Ao Dai Vietnam, an icon

Ao Dai , a Vietnamese icon

The Ao Dai , or traditional feminine outfit of Vietnam, has become one of the strong symbols of the country with yokes, inseparable from the elegant simplicity of the Vietnamese woman, but also, through its history, from the soul of an entire people. . More than a simple garment, the Ao dai (pronounced: ao zai ) symbolizes the past and the future, tradition and modernity, modesty and sensuality.

The Ao Dai , history and politics

old ao dai vietnam

More than 300 years ago, this “clothing that covers everything but hides nothing” marked a form of adaptation of the country’s identity in the face of foreign influences. Then, over the years, the long tunic (meaning of Ao Dai ) will ceaselessly affirm the identity of a nation.

Historically – and to make a long story short – the ancestor of the Ao Dai was a 4-panel shirt. Traces of which have been found in engravings on bronze drums dating back several thousand years. It will be worn until the reign of the Nguyen dynasty. With some changes, including shorter sides, so as not to hinder work in the fields. This 4 – panel outfit , called Ao tu than , is still worn today, mainly at folk festivals and other cultural events.

The Ao Dai of Vietnam that we know today was designed in the 1930s. Or rather redesigned on the basis of a cup dating from the 18th century.


We are in 1744. Nguyen Phuoc Khoat , 8th Nguyen lord of his state, head of Dang Trong , that is to say of present-day Central Vietnam (the South at the time), got wind of a disastrous prediction for his power. This prophesied: “After eight periods, return will be made to Trung Do”. Trung Do designating the imperial capital Thang Long, today Ha Noi. Sieur Khoat having counted 7 successive ancestors before him. Summoned the ban and the back ban of his mandarins for a session of brain storming .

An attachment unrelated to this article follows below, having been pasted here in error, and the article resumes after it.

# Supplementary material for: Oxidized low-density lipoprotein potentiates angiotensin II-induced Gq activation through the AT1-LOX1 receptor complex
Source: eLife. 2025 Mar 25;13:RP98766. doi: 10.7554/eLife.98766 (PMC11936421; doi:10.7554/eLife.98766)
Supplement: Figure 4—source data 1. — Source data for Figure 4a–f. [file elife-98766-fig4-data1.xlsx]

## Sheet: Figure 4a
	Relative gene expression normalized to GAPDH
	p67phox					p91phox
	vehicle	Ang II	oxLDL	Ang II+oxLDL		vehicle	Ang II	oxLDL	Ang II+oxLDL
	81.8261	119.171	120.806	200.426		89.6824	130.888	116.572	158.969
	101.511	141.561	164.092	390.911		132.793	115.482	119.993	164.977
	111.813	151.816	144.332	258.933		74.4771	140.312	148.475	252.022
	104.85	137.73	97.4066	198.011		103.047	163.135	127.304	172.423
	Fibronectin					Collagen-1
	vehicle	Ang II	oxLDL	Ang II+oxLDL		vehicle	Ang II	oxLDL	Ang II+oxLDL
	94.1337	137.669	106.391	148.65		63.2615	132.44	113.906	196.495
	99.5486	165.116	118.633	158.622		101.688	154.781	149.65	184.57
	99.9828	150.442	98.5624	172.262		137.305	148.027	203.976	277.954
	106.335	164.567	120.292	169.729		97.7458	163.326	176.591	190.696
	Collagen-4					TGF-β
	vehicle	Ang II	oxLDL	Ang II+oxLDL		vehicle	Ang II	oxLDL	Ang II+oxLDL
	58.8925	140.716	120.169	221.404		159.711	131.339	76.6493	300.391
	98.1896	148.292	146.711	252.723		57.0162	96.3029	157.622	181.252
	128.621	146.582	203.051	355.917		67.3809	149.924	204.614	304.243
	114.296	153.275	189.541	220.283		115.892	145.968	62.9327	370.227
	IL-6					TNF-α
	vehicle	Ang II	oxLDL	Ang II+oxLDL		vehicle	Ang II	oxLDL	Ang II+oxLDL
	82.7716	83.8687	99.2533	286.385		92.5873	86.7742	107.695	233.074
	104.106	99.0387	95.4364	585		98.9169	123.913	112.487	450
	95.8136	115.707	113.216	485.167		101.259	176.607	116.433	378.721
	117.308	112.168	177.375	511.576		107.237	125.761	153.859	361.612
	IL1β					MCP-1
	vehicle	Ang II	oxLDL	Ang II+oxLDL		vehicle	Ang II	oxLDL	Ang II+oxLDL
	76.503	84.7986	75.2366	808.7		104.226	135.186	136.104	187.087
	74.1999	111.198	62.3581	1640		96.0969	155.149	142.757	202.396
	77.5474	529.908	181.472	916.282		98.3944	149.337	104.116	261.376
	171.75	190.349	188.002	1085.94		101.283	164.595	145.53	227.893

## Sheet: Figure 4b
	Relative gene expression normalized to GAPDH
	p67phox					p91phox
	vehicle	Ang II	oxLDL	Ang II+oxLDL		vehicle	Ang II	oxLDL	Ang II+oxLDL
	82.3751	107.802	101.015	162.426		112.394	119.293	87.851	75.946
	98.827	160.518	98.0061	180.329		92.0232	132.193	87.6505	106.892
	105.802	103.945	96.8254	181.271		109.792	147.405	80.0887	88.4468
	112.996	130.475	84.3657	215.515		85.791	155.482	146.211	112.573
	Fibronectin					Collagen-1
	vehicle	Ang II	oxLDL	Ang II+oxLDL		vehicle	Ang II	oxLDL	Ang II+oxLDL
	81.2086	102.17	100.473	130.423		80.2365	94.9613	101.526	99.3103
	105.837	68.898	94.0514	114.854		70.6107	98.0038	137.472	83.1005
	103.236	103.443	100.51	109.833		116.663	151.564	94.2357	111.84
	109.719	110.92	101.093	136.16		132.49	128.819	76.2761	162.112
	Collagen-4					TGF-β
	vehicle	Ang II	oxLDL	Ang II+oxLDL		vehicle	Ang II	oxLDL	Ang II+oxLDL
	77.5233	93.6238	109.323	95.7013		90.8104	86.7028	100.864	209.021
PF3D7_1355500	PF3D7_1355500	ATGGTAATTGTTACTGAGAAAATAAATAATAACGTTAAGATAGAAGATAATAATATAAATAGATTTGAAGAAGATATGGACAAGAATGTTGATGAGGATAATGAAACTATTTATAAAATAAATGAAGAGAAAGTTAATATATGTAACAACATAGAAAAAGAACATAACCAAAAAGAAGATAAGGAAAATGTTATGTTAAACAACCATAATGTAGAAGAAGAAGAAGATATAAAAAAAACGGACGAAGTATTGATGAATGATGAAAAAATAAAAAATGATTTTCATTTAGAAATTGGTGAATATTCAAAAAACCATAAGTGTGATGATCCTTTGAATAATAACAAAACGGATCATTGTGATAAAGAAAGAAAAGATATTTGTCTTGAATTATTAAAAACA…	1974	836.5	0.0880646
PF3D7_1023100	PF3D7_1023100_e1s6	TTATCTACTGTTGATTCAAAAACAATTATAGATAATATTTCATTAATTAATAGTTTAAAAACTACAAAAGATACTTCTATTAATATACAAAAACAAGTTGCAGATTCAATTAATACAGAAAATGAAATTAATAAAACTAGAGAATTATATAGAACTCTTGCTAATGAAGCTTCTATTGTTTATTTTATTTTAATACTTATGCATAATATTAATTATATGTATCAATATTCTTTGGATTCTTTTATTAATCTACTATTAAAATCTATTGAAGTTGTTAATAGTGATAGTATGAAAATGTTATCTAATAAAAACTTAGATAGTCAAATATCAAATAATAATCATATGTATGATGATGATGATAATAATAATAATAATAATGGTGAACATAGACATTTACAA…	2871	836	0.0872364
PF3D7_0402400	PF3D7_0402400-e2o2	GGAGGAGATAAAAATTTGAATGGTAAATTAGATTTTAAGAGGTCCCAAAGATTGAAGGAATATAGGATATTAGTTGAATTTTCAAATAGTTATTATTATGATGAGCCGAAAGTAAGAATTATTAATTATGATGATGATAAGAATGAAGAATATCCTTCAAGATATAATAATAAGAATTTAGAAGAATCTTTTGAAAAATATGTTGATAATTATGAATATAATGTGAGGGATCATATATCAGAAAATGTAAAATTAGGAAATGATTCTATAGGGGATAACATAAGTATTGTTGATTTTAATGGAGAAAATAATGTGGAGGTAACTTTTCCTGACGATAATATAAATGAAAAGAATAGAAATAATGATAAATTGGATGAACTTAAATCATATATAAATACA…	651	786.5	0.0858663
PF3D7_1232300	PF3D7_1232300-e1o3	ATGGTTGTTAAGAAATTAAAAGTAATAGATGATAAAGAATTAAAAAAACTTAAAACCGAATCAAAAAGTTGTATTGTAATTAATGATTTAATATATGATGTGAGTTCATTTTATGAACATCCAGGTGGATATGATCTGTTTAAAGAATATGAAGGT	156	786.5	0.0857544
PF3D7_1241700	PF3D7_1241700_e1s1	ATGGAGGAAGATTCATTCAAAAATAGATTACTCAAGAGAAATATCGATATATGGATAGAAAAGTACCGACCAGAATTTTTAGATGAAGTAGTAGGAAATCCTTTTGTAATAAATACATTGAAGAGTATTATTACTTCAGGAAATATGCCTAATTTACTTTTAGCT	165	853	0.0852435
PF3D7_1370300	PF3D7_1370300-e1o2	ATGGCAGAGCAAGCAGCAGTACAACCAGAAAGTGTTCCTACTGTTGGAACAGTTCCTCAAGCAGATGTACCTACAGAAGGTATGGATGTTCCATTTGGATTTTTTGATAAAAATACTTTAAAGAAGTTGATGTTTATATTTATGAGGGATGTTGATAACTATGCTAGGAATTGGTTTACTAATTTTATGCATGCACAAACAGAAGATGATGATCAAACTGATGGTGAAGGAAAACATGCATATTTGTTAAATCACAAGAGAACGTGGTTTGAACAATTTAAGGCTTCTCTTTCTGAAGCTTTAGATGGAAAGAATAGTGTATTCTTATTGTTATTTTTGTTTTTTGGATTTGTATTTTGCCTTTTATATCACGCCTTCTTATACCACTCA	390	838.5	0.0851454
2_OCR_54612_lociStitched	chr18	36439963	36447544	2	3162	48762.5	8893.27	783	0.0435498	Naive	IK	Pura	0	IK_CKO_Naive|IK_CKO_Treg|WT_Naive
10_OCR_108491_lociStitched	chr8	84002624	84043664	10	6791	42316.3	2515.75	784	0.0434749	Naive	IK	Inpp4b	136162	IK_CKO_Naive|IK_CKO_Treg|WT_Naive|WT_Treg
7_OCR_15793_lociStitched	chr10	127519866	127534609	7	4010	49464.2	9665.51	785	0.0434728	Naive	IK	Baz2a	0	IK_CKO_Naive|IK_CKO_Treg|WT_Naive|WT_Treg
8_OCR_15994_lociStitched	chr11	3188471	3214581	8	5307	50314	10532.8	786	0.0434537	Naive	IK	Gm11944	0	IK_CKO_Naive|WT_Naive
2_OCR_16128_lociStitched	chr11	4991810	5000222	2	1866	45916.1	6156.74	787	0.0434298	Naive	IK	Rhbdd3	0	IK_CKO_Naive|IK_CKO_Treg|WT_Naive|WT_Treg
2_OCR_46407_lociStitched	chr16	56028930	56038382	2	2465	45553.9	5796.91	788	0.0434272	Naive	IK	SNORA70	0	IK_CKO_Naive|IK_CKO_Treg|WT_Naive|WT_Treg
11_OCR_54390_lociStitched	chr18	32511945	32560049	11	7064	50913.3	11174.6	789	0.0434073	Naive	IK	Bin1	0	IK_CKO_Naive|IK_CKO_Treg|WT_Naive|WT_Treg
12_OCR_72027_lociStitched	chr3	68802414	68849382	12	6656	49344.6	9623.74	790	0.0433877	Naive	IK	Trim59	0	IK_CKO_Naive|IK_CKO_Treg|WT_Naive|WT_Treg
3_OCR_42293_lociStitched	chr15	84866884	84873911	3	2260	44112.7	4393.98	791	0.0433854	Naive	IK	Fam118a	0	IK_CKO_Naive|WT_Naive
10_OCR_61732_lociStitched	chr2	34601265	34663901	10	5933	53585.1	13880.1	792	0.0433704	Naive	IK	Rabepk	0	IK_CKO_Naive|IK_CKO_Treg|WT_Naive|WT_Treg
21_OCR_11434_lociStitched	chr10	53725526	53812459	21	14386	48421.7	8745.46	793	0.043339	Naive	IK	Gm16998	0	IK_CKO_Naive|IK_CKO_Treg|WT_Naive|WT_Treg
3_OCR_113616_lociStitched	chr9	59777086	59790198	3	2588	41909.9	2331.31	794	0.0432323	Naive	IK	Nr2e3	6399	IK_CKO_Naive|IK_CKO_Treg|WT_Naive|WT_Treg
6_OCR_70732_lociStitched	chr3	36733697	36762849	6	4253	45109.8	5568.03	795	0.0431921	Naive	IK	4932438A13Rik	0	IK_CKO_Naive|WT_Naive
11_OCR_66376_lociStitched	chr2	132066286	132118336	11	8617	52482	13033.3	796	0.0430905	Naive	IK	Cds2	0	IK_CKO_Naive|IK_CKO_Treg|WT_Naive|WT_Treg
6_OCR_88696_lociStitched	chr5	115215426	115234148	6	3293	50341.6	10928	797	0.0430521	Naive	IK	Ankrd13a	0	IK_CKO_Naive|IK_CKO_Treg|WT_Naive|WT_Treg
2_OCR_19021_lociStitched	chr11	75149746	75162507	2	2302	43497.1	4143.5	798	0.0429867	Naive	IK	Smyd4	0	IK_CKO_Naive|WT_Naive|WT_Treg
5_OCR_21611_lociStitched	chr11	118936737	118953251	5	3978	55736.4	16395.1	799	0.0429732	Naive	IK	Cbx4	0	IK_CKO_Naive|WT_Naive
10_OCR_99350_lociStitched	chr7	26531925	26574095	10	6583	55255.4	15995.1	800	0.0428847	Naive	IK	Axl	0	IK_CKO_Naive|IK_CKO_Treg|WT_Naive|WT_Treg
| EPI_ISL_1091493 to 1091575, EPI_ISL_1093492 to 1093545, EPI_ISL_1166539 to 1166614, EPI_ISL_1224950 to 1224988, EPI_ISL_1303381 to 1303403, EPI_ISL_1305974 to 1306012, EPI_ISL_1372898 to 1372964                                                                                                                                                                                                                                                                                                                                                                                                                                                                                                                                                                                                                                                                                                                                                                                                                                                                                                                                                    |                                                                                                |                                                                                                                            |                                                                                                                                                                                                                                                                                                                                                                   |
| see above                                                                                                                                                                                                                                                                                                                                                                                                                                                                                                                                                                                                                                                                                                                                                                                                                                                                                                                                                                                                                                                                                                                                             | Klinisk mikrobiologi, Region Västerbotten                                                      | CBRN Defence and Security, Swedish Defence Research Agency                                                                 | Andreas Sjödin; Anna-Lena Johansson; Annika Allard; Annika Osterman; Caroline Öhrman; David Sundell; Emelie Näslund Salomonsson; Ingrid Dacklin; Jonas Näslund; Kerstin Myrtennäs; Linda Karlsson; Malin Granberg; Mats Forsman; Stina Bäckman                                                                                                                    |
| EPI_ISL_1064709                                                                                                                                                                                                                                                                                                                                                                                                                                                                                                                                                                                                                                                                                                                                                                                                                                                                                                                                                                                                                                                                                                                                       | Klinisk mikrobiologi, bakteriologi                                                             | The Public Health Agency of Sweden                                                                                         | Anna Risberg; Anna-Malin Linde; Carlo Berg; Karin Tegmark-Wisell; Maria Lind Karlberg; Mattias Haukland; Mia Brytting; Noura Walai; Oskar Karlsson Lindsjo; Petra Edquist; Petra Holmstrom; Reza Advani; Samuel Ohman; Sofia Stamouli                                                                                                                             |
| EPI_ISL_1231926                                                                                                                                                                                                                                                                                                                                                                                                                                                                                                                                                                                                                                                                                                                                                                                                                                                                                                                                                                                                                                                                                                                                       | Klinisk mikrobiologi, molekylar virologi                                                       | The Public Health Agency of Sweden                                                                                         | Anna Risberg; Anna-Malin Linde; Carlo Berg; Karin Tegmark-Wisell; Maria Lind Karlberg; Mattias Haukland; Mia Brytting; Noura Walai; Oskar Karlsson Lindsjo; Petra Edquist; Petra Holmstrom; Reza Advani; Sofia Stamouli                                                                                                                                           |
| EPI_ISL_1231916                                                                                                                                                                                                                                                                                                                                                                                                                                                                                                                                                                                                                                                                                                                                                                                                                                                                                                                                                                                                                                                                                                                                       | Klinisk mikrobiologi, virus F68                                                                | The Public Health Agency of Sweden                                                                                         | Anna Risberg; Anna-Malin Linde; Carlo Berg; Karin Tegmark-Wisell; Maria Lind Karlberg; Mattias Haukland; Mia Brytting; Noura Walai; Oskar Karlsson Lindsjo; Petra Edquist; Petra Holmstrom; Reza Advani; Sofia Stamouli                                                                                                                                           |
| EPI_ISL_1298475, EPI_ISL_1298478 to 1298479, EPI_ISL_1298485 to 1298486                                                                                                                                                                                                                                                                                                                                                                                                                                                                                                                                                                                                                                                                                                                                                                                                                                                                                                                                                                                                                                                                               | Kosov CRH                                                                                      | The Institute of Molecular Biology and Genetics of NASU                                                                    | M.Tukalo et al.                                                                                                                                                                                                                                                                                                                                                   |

And that ‘s how Ao Dai was born in Vietnam ! Here is the proof. If he wanted to establish an identity distinct from his northern rivals – the Trinh lords, who enjoyed the status of regents over the puppet kings of the declining Lê dynasty. Khoat had to stand out. Change everything, to show its very southern difference, starting with the administrative structures. Neither one nor two, one fine morning in the year of grace 1744, the South (which is today the Center), under the power of the Nguyens for more than a century, woke up under the title of Vuong Quoc .

Exit Ao Tu Than, hello Ao Dai

In the process, Nguyen Phuoc Khoat establishes a royal seal, a new court music, new governmental procedures, a new civil code. In short, he sets up another culture. Which also goes through the clothes. Exit Ao Tu than , Xin chao Ao Dai ! Khoat decrees the wearing of women’s pants with buttons but keeps the 4-panel tunic that comes over said pants. This outfit will be worn by both women and men.

This might pass for anecdotal. But when we know that the Ao Dai in question borrowed largely from the style of clothing worn by the Cham – the first inhabitants of the southern lands, including the kingdom of Champa (now Central Vietnam) – one cannot help thinking that Lord Khoat diplomatically showed his respect for the culture of the Cham in order to gain their support. Imposing a garment so as not to take a jacket from your rivals, you had to dare. It was at this time, in 1775, that the famous scholar Le Quy Don will mention the term Ao Dai in his book “Phu Bien Tap Luc ”.

This is how, from a political action, a costume was born that will become traditional…

Ao Dai in the XIX